How to facilitate helpful conversations about the Voice referendum


With the Indigenous Voice referendum coming up later this year, employers should consider how they can ensure discussions around this topic remain productive.

Since the government announced the upcoming Voice to Parliament referendum last year, the issue has sparked intense debate nationwide. Many Australians are sitting firmly in the ‘yes’ and ‘no’ camps, and others are still unsure about how they’ll vote. This means there are likely to be differing opinions within your workforce.  

Due to be held on 14 October, the referendum (a compulsory vote for all Australian citizens) will determine whether a permanent Indigenous Voice to Parliament is enshrined in the Australian Constitution.

Given the diverse range of perspectives within the community, both individuals and employers should be mindful that tensions may run high on both sides of the argument. Discussions about this topic at work should therefore be approached with the utmost care and respect for all parties involved. 

Managing conflicting opinions in the workplace

Given the complex and sensitive nature of the debate, it might be tempting for employers to try to avoid these discussions entirely. However, neglecting the issue is likely to do more harm than good in the long run, says Carla Rogers, Co-Director of Evolve Communities, a trusted authority for Indigenous cultural awareness and allyship training.

“If we want to create culturally safe and inclusive workplaces, we have to be prepared to have conversations about the events and policies that are having a real impact on the lives of our employees,” she says.

“There is a lot of misinformation [out there], from why we need a referendum to what the Voice will mean. We would advise HR departments to make sure people have access to reliable sources of information.”

A core component of Evolve’s mission is to provide this essential information to employers through its training, workshops and resources.

“Creating inclusive workplaces is all about welcoming diversity – not just in our cultural backgrounds and abilities, but also in our ways of thinking and our political views,” says Aunty Munya Andrews, Aboriginal Elder and Co-Director of Evolve.

“Cultural awareness training isn’t about getting everyone to agree, it’s about making sure everyone has accurate information so they can make up their own minds.”

Initiating helpful conversations about the Voice is especially important given that the underlying cause of tension is often a lack of transparency, she says.

“Our cultural awareness training isn’t about getting everyone to agree, it’s about making sure everyone has accurate information so they can make up their own minds.” – Aunty Munya Andrews, Aboriginal Elder and Co-Director of Evolve Communities. 

“Unfortunately, in Australia we haven’t done a very good job of teaching our true history – about the lives that Indigenous people led before the arrival of the First Fleet or the impacts of colonisation on First Nations people.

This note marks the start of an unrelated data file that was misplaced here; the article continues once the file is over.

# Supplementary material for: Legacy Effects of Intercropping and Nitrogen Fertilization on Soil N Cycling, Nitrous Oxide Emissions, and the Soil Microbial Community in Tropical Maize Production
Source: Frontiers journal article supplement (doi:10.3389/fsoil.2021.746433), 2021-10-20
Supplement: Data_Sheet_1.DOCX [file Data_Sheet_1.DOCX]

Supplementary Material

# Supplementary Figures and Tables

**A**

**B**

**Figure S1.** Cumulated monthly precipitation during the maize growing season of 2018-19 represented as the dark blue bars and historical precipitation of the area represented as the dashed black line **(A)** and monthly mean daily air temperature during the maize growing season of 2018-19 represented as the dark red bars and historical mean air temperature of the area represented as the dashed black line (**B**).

“Conversations about The Voice inevitably will touch on the disadvantages that First Nations people are still experiencing today, and that’s very confronting, for both Indigenous and non-Indigenous Australians.”

Rogers notes that exposure to these issues can sometimes evoke feelings of guilt or shame from participants. To address this, they encourage employers to strive to provide a safe space for different perspectives to be expressed and explored.

“Instinctively, we don’t want to experience these feelings, so we try to run away from the conversation and enter into denial, or become defensive and angry to avoid facing the truth,” she says.

“That’s why [employers should] focus on creating a non-judgmental space… We have to move past those feelings to move forward, inspire action and achieve reconciliation.”

As well as initiating helpful discussions about the Voice, employers should be particularly conscious that they are creating a culturally safe workplace for First Nations employees in the coming months, says Andrews.

“We are already seeing an increase in racist rhetoric… If possible, set up your Indigenous employees with a peer-support group where they can offer support and encouragement to each other.”

A framework to improve communication about the Voice referendum

For employers who are concerned about tensions rising at work, Evolve has created a simple and practical framework to help resolve conflict or confusion that crops up during conversations about the Voice or other Indigenous issues.

Evolve’s R3 Culture Model (sign-up required) advises participants to approach these conversations by:

  1. Reflecting – pause to identify the source of the conflict and consider the factors that led to it.
  2. Relating – without making assumptions, consider how things might look from the other person’s point of view and how they might be feeling.
  3. Reconciling – if possible, work with the other person or party to design a solution and consider how you can move forward together.

“Being an ally takes a lot of courage and making mistakes is inevitable – take it from someone who knows,” says Rogers. “But the word ally is a verb – we have to take action, even when it makes us uncomfortable. My advice is to first make sure you are sharing accurate information and, if you do find yourself in a difficult conversation, apply the 3 Rs.”